If you run a site that needs to deliver email to users it can be surprisingly hard to make sure that your mail makes it to people’s inboxes.
We don’t ever send useless email to users but we still manage to deliver about 500,000 emails each month – account confirmations, CCs of in-app messages (a feature that is off by default), purchase receipts, replies from customer service… There are hosted services like SendGrid that will take care of your email for you but we certainly can’t spend $400 a month on email delivery.
Here are some things that will help you build up a good reputation and lose fewer messages to spam filters:
- First, the obvious one: Don’t send crappy unwanted mail to users.
- Make sure that your mail server has a dedicated, permanent IP that is not shared with any other senders
- Configure DNS correctly with a hostname and PTR for your mail server’s IP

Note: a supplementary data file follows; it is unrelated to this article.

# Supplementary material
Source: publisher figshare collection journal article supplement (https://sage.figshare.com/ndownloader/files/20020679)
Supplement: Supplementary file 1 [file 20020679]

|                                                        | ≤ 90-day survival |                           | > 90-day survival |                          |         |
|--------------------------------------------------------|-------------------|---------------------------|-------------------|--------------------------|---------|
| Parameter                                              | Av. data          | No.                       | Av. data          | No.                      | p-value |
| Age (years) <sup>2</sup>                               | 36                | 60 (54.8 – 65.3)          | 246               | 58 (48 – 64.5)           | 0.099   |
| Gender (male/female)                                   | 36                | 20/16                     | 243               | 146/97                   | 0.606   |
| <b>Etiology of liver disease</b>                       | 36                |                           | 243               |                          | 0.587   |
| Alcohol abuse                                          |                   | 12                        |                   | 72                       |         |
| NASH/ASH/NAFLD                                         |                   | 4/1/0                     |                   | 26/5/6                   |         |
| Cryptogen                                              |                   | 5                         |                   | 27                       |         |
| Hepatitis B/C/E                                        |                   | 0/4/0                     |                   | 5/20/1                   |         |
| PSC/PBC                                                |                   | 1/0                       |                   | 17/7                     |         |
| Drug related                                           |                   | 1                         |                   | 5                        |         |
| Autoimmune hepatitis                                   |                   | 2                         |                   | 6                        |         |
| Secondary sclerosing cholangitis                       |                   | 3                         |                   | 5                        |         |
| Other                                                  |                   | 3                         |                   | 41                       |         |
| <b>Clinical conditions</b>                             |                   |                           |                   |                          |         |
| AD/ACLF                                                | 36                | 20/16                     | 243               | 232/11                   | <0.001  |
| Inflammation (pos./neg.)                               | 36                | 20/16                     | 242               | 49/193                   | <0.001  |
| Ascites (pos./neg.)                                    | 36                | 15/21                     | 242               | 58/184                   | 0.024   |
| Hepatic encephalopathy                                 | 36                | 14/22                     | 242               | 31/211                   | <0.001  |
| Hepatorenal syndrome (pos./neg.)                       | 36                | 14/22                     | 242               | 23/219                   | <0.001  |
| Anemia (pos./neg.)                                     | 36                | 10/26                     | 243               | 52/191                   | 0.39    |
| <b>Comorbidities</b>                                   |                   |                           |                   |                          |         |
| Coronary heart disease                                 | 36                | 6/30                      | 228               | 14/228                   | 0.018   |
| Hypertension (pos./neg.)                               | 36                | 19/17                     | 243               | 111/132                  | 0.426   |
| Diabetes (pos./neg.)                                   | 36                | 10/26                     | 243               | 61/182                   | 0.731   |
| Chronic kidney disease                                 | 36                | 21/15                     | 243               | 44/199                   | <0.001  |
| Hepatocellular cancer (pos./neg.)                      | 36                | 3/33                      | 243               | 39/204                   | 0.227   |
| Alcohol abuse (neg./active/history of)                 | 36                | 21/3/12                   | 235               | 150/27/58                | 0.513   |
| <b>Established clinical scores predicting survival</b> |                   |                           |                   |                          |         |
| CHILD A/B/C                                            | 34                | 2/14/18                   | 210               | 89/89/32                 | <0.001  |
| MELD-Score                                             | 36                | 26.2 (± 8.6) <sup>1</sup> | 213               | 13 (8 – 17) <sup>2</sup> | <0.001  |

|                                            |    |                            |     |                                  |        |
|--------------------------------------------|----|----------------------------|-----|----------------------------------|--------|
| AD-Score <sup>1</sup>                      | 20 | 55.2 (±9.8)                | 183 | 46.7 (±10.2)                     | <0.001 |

- Set up SPF records in DNS. Here is a wizard that makes it easy: SPF Setup Wizard.
- Implement DomainKeys Identified Mail. Here is an tutorial that will walk you through setting this up by pairing DKIMProxy with Postfix: Setting Up DKIM and DomainKeys using DKIMProxy with Postfix in Ubuntu Hardy. If you aren’t using Postfix, I certainly hope that you aren’t using Sendmail. Unless you are a Sendmail expert, it’s a misconfiguration waiting to happen.
- Apply for AOL’s whitelist and Yahoo’s whitelist.
- You might also want to sign up for feedback loops for one or some large mail providers (Comcast’s is here) This way, you’ll be made aware of messages that are classified as spam.
Hopefully the above suggestions will help you make sure that fewer emails are canned as spam. You might also be interested in SenderScore’s reputation tool. You can use it to get a reputation score for a particular mail server.
Here’s ours – I have no idea what factors went into this or if it really means much but the SenderScore is a 1-100 scale, so YAY.